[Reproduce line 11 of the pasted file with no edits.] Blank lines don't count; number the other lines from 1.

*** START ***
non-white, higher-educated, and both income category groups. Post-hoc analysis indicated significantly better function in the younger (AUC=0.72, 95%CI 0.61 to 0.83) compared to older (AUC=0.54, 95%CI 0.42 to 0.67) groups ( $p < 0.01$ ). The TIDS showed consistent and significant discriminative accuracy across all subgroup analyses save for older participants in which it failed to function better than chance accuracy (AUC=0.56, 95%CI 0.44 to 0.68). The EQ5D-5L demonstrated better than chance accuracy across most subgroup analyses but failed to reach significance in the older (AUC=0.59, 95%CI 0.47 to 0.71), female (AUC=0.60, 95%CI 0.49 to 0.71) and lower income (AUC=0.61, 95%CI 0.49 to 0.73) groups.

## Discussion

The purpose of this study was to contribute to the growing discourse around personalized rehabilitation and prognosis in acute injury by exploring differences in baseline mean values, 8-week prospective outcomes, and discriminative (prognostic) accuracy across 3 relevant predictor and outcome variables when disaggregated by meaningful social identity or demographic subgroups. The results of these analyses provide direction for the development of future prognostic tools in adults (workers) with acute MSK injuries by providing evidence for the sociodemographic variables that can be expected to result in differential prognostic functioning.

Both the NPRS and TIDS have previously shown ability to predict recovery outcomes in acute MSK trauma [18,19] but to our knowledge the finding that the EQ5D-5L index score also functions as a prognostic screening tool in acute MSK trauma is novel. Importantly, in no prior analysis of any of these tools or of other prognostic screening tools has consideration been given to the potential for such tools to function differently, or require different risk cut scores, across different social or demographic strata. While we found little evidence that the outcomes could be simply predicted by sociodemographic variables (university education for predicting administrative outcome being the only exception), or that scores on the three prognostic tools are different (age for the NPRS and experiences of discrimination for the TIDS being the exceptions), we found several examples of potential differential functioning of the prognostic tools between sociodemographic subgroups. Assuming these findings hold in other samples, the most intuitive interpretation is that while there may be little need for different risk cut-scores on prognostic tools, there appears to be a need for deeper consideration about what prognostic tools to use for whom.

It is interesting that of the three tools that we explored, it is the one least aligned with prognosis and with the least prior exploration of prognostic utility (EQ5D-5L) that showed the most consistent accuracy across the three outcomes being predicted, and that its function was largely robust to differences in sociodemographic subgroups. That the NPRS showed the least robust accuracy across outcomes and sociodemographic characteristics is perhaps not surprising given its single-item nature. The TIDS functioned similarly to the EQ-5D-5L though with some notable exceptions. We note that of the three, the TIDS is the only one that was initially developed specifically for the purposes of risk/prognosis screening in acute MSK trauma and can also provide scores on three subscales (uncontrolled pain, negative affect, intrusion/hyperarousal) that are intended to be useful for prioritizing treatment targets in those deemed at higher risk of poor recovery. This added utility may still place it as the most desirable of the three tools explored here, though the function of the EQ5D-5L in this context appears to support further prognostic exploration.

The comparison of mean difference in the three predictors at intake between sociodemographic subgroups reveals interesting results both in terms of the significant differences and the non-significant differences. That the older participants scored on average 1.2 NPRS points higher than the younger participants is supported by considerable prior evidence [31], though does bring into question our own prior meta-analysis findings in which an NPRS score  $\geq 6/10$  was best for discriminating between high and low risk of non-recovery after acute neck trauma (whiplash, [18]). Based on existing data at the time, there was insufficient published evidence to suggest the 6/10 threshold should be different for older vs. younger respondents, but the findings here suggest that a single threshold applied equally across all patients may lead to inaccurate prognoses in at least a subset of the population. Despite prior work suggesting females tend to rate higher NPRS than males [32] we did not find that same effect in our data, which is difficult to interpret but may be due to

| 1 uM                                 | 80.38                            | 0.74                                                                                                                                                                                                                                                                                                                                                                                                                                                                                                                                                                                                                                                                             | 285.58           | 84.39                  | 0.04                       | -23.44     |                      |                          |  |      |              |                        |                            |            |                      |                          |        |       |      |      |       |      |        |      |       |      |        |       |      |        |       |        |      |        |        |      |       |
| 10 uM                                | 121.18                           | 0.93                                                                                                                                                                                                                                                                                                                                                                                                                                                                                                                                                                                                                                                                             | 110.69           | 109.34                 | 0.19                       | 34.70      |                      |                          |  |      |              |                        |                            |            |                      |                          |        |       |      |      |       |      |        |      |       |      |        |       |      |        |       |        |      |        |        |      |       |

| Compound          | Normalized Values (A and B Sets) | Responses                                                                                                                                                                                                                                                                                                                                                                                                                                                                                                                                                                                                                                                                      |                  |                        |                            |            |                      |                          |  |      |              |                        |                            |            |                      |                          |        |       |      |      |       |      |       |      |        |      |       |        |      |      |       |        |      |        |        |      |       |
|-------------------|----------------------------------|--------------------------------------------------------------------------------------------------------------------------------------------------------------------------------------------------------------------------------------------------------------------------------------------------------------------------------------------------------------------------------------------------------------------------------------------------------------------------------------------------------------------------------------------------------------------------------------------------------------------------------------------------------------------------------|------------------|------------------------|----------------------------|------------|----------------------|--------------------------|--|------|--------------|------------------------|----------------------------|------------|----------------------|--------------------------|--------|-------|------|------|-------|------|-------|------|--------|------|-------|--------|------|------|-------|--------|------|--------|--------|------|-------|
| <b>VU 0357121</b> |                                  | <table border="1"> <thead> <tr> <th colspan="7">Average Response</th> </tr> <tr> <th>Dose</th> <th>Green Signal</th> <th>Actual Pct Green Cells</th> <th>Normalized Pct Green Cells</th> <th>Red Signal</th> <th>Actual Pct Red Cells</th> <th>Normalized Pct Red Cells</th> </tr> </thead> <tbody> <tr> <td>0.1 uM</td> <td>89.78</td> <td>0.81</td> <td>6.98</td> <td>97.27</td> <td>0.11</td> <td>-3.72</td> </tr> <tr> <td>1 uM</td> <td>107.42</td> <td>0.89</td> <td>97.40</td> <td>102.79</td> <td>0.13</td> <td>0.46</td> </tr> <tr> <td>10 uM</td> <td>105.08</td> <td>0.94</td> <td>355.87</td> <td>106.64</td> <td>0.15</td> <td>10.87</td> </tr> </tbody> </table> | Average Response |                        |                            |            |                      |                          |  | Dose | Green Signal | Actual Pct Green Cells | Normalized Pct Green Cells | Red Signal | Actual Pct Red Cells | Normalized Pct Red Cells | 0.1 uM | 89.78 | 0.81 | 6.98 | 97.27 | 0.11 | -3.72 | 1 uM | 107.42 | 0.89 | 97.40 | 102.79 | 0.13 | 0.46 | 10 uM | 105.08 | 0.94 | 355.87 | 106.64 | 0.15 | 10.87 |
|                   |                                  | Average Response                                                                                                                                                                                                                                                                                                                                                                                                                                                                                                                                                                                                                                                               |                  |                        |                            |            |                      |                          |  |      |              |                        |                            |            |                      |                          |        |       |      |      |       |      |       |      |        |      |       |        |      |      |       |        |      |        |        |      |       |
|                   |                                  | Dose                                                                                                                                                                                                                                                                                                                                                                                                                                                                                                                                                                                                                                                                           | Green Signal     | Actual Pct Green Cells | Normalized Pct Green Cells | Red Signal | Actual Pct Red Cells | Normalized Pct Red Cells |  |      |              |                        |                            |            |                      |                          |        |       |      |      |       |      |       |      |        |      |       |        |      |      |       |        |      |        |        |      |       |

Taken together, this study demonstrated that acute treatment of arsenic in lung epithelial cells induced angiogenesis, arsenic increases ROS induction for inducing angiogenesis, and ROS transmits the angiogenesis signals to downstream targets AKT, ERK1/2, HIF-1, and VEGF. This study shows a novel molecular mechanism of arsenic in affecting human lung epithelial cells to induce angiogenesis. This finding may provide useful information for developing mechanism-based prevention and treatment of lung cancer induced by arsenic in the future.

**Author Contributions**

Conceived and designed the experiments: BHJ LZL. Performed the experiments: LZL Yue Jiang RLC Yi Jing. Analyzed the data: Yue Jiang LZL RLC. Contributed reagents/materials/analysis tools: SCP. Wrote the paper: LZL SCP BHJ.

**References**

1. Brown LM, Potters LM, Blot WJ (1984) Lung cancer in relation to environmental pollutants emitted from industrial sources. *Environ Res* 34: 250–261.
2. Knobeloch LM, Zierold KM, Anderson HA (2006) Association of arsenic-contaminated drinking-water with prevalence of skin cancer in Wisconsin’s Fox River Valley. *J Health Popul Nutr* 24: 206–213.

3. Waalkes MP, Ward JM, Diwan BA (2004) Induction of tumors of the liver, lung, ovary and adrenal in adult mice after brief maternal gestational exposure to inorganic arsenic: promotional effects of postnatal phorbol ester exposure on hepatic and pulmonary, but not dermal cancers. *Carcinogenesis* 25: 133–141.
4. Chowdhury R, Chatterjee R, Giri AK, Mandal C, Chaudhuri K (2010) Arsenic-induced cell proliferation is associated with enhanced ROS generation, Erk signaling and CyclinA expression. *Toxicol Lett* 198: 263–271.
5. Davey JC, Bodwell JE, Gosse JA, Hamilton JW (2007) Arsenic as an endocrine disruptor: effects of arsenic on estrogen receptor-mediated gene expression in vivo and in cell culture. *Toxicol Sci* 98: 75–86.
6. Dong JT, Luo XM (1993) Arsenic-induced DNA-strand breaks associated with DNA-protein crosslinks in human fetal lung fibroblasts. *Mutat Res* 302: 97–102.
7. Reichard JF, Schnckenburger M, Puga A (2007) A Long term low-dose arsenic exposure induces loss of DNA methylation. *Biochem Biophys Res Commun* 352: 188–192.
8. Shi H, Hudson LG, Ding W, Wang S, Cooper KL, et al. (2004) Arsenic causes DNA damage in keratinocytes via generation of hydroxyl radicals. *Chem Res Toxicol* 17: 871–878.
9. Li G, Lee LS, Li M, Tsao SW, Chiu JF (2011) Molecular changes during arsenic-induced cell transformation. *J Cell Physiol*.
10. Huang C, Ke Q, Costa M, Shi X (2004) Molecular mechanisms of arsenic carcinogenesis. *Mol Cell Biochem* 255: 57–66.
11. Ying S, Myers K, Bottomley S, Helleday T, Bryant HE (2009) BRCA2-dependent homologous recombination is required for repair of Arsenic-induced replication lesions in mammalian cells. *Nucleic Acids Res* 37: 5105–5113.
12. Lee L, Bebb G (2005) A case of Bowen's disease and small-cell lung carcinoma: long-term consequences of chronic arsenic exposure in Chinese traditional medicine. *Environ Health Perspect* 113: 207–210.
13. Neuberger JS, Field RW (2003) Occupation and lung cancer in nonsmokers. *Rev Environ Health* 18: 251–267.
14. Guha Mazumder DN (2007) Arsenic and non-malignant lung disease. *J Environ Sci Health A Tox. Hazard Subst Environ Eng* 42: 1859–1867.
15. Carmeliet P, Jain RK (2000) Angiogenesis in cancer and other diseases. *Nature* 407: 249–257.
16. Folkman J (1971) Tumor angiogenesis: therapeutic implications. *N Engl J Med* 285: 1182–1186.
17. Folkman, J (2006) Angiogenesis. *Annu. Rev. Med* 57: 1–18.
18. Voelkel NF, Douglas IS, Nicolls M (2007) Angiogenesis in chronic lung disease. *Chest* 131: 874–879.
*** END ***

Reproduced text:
| <b>VU 0357121</b> |                                  | <table border="1"> <thead> <tr> <th colspan="7">Average Response</th> </tr> <tr> <th>Dose</th> <th>Green Signal</th> <th>Actual Pct Green Cells</th> <th>Normalized Pct Green Cells</th> <th>Red Signal</th> <th>Actual Pct Red Cells</th> <th>Normalized Pct Red Cells</th> </tr> </thead> <tbody> <tr> <td>0.1 uM</td> <td>89.78</td> <td>0.81</td> <td>6.98</td> <td>97.27</td> <td>0.11</td> <td>-3.72</td> </tr> <tr> <td>1 uM</td> <td>107.42</td> <td>0.89</td> <td>97.40</td> <td>102.79</td> <td>0.13</td> <td>0.46</td> </tr> <tr> <td>10 uM</td> <td>105.08</td> <td>0.94</td> <td>355.87</td> <td>106.64</td> <td>0.15</td> <td>10.87</td> </tr> </tbody> </table> | Average Response |                        |                            |            |                      |                          |  | Dose | Green Signal | Actual Pct Green Cells | Normalized Pct Green Cells | Red Signal | Actual Pct Red Cells | Normalized Pct Red Cells | 0.1 uM | 89.78 | 0.81 | 6.98 | 97.27 | 0.11 | -3.72 | 1 uM | 107.42 | 0.89 | 97.40 | 102.79 | 0.13 | 0.46 | 10 uM | 105.08 | 0.94 | 355.87 | 106.64 | 0.15 | 10.87 |